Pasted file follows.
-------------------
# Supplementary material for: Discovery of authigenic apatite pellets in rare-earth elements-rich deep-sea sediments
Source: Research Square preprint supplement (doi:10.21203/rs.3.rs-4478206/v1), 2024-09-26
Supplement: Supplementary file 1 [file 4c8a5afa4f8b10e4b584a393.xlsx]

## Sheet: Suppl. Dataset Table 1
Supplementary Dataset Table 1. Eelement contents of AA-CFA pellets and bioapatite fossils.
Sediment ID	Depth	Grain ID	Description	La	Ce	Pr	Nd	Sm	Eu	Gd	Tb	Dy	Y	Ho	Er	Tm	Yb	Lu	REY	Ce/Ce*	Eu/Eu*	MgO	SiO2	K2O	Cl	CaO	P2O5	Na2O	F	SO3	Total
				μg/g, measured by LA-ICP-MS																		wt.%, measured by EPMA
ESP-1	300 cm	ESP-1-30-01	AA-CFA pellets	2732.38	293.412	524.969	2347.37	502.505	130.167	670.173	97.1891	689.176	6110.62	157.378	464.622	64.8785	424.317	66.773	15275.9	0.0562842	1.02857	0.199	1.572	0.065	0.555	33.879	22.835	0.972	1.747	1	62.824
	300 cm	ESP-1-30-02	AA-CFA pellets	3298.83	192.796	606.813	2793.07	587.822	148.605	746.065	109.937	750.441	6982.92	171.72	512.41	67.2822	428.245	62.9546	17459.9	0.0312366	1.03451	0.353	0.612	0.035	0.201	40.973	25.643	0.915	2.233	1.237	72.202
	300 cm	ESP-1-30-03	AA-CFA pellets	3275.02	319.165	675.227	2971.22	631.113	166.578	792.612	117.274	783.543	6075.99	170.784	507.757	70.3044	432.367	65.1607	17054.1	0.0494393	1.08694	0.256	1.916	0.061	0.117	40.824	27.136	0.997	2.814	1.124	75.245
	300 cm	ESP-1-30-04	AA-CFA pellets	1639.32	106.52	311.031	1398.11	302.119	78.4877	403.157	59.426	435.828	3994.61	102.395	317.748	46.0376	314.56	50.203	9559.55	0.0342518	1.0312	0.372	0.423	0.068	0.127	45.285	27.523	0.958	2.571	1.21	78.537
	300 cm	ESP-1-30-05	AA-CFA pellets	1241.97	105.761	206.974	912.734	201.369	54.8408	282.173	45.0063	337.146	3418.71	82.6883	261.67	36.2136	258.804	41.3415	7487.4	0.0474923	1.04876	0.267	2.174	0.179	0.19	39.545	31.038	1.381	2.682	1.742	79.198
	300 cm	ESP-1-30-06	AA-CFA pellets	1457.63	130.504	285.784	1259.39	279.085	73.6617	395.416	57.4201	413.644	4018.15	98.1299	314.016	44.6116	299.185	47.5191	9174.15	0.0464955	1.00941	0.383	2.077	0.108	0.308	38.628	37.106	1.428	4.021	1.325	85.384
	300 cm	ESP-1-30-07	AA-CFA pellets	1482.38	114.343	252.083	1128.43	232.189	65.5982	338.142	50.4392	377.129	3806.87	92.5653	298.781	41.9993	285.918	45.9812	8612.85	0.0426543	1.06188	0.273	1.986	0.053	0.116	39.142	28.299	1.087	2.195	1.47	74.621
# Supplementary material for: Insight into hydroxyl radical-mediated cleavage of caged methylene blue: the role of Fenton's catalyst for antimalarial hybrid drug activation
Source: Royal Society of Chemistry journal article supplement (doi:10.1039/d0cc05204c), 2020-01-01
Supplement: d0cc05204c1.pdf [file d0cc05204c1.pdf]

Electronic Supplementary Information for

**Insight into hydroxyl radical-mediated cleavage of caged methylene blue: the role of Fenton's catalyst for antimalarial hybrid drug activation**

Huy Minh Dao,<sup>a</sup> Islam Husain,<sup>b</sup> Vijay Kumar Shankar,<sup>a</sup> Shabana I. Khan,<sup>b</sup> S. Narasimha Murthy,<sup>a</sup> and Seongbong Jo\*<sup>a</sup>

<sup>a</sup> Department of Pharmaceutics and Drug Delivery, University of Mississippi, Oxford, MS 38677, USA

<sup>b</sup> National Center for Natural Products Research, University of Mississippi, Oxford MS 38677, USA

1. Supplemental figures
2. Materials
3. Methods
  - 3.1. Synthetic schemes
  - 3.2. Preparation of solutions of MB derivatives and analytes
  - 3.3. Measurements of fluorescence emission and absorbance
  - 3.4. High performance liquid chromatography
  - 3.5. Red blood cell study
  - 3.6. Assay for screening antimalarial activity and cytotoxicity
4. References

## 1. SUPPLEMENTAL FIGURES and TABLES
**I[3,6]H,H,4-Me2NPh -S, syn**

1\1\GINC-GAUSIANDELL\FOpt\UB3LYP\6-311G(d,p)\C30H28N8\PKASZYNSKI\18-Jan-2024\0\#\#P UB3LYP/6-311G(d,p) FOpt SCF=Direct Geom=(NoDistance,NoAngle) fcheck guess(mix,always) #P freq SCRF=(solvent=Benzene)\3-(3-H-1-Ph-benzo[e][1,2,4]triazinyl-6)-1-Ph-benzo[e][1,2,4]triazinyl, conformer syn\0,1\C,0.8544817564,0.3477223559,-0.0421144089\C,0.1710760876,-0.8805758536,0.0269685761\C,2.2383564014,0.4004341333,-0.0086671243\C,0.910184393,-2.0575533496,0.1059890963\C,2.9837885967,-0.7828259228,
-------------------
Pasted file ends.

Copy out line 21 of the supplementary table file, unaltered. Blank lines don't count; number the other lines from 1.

<sup>a</sup> Department of Pharmaceutics and Drug Delivery, University of Mississippi, Oxford, MS 38677, USA